The researchers attribute the rise in myopia to be driven by lifestyle and environmental factors, likely decreased time spent outdoors and increased time spent doing near-work activities on screens. Indeed, there are regional differences in the incidence of nearsightedness, with more cases in high-income countries in North America and Asia. In the United States, myopia has been increasing steadily, with one study finding a 66 percent increase between the early 1970s and the early 2000s. The researchers conclude that if current trends continue, with more time on screens and less time outdoors, their projections for 2050 will likely hold true, and the number of people experiencing vision loss from high myopia is likely to increase 7-fold from the year 2000, becoming a leading cause of blindness. (Julie Beck, The Atlantic)

Research Misconduct

Many surveys, about one in five, may contain fraudulent data

Scientists are often reminded of data fabrication and research misconduct in the laboratory, but what about in social sciences and survey research? Last year, a high-profile case of research misconduct brought survey fraud to the forefront, when a researcher was found to have fabricated data demonstrating that short conversations could change people’s minds on same-sex marriage. But an important question remains: how wide-spread is the problem? Two researchers, Noble Kuriakose, a research scientist at SurveyMonkey, and Michael Robbins, a researcher affiliated with the University of Michigan and Princeton University, sought to address this issue by developing a statistical test designed to detect when a survey may contain fabricated data. The test is based on determining the likelihood that two independent respondents will give highly similar answers to survey questions, and is meant to examine large-scale opinion surveys that cover broad topics and are designed to identify community differences.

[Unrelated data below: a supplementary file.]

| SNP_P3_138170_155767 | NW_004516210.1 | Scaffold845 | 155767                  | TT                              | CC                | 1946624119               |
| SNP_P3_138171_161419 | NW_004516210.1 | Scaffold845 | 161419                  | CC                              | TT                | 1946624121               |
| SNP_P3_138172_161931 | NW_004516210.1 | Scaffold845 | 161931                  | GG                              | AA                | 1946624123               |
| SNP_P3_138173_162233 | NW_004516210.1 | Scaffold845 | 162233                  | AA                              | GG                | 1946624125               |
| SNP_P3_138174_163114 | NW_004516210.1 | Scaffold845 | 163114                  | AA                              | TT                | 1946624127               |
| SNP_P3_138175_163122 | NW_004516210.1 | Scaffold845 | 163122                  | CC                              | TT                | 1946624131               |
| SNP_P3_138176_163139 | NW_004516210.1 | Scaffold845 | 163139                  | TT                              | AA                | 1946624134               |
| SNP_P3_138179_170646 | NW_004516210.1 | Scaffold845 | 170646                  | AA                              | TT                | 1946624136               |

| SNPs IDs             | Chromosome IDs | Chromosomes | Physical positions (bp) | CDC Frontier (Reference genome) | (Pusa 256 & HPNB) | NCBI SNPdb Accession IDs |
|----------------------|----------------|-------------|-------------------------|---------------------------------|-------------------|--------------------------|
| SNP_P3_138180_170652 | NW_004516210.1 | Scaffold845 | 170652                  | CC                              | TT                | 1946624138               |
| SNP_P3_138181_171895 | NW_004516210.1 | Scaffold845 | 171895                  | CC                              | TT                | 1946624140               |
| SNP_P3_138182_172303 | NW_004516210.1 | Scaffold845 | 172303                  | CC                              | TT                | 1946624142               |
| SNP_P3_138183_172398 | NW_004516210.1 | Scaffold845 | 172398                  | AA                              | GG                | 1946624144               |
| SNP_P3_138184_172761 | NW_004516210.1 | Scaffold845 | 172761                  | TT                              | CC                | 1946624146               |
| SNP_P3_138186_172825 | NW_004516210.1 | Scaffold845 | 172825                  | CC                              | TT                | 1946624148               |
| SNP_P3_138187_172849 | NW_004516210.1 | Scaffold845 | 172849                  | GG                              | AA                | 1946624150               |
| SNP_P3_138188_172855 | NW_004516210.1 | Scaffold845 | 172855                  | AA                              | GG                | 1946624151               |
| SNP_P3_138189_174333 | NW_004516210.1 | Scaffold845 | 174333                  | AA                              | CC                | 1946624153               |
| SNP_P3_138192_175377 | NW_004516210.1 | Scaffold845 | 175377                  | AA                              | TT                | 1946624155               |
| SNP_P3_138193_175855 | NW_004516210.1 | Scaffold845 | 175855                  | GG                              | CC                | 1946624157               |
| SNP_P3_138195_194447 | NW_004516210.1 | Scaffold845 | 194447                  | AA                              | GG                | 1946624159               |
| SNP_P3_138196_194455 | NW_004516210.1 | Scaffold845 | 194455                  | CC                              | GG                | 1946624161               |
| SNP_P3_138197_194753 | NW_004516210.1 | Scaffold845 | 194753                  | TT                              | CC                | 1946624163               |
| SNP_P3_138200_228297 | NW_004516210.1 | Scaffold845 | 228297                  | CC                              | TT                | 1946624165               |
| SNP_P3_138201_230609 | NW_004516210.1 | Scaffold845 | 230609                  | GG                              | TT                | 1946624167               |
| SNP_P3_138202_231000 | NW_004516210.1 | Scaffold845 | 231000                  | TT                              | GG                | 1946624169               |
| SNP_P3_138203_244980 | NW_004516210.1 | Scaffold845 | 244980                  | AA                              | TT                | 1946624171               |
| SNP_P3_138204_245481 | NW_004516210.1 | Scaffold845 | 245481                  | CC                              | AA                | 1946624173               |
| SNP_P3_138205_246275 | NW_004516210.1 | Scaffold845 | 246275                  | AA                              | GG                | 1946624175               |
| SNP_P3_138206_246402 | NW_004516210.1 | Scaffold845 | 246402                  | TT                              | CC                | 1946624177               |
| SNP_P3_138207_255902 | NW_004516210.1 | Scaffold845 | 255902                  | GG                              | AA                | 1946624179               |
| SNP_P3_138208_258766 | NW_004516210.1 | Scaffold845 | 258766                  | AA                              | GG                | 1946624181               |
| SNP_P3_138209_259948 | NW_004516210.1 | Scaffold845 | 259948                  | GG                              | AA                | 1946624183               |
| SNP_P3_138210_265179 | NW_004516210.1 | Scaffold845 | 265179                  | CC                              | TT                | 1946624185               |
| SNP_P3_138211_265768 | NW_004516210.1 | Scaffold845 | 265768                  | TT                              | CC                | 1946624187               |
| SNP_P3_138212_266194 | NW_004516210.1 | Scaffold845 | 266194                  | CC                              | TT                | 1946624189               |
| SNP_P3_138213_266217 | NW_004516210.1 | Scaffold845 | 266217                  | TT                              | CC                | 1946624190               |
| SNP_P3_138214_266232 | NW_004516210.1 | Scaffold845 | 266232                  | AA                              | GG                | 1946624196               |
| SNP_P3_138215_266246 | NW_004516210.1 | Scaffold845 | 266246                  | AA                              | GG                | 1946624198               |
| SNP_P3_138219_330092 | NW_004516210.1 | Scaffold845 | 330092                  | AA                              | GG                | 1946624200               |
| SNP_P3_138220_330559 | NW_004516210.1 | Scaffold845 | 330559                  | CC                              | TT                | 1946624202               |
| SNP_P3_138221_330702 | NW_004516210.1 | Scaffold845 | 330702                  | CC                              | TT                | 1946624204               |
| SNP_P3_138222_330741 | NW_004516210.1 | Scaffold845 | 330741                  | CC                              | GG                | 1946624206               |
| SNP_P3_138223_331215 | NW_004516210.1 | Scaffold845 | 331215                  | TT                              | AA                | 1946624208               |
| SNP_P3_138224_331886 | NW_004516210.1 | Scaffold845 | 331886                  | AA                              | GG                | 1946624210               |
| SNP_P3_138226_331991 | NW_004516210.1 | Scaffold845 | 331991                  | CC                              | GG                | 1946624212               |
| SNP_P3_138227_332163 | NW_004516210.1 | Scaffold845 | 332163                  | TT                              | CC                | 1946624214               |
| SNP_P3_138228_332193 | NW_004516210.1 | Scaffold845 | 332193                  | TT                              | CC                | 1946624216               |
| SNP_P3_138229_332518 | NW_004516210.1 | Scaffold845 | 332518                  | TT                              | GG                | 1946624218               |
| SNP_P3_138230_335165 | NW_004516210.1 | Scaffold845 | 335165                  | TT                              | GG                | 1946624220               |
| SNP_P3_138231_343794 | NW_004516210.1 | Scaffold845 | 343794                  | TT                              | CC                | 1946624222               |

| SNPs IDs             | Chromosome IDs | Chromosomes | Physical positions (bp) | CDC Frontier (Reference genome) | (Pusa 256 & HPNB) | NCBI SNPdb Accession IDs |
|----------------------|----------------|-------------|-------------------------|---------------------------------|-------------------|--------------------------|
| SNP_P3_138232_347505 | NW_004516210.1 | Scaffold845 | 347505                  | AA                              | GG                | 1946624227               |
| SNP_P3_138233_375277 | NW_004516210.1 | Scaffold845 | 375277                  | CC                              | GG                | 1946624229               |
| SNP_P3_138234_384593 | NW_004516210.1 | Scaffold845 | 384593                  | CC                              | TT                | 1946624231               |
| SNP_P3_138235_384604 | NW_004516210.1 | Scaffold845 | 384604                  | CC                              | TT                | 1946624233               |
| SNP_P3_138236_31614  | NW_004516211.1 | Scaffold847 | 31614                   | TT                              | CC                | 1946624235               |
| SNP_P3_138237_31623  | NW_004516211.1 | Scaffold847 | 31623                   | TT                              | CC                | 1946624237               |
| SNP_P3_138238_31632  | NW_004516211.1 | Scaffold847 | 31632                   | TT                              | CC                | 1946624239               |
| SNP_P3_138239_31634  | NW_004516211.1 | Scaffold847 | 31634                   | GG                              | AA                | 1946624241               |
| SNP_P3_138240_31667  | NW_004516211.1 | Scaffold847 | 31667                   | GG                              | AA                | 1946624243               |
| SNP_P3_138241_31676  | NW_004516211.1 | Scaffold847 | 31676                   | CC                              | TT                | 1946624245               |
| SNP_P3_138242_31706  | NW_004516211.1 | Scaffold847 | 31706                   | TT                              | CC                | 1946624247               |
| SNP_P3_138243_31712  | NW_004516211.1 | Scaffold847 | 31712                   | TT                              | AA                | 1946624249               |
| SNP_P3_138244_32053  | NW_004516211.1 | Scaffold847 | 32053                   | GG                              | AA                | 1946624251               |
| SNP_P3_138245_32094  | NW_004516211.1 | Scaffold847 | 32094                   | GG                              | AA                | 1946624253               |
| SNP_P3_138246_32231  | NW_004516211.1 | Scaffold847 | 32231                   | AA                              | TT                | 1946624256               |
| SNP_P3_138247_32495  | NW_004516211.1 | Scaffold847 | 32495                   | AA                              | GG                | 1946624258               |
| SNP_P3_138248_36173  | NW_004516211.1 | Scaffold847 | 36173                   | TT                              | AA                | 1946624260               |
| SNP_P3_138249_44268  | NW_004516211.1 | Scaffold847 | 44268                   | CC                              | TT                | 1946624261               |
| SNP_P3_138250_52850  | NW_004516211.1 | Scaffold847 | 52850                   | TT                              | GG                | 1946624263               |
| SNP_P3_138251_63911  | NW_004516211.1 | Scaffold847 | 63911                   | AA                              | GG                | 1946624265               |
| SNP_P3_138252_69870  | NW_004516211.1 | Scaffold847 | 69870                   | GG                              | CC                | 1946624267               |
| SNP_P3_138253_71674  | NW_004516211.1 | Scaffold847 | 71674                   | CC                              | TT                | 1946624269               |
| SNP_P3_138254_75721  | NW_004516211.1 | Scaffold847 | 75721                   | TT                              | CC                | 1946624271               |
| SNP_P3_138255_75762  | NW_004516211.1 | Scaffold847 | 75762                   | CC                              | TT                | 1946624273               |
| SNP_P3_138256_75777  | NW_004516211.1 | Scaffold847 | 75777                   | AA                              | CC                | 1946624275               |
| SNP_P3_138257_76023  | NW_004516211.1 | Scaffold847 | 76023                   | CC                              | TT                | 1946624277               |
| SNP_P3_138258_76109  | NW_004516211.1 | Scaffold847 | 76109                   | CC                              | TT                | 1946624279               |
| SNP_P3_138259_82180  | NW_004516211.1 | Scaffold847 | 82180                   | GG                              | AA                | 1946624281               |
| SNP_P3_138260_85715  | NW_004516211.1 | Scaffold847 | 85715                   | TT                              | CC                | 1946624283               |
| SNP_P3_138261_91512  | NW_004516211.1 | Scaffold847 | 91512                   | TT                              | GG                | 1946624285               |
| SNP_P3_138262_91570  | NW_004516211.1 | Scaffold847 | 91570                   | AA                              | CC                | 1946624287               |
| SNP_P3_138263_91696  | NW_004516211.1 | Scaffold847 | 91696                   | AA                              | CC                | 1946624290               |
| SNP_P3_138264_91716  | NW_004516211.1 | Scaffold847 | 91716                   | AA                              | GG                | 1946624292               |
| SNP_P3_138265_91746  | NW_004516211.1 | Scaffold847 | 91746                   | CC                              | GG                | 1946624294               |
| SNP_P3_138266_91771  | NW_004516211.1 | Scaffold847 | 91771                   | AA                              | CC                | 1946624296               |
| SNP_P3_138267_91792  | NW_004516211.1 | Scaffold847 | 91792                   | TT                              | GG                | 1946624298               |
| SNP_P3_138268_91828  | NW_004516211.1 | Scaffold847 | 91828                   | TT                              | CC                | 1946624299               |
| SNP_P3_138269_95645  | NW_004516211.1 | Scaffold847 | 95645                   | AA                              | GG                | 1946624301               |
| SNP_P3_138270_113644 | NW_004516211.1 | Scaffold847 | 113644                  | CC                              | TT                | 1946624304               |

Robbins, who is also the director of Arab Barometer, a project measuring opinions in the Middle East, notes that in developing countries, conducting survey research often requires in-person interviews, which can be dangerous and time-consuming. Thus, one problem that arises is that interviewers will sometimes invent survey responses to avoid risk and save time. Indeed, when Robbins and Kuriakose applied their test to 1000 sets of public data they found that nearly one in five of the surveys failed their test, indicating they were likely to contain significant portions of fabricated data. While only 5 percent of surveys conducted in westernized nations failed, 26 percent of studies conducted in developing nations were flagged by the test.

However, not all groups agree with Kuriakose and Robbins’ findings. Pew Research Center, which has performed hundreds of international surveys, is disputing the claims and have suggested that Kuriakose and Robbins should retract their findings. Courtney Kennedy, director of survey research at Pew, stated that after using the test on their own data, some were flagged, but after digging deeper, found that only a few surveys had serious questions. Kennedy believes the test is likely to find false positives, and doesn’t account for number of survey questions, number of respondents or other factors that could skew results. Pew has since posted a rebuttal online. (John Bohannon, Science Magazine)

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Written by sciencepolicyforall

March 4, 2016 at 9:00 am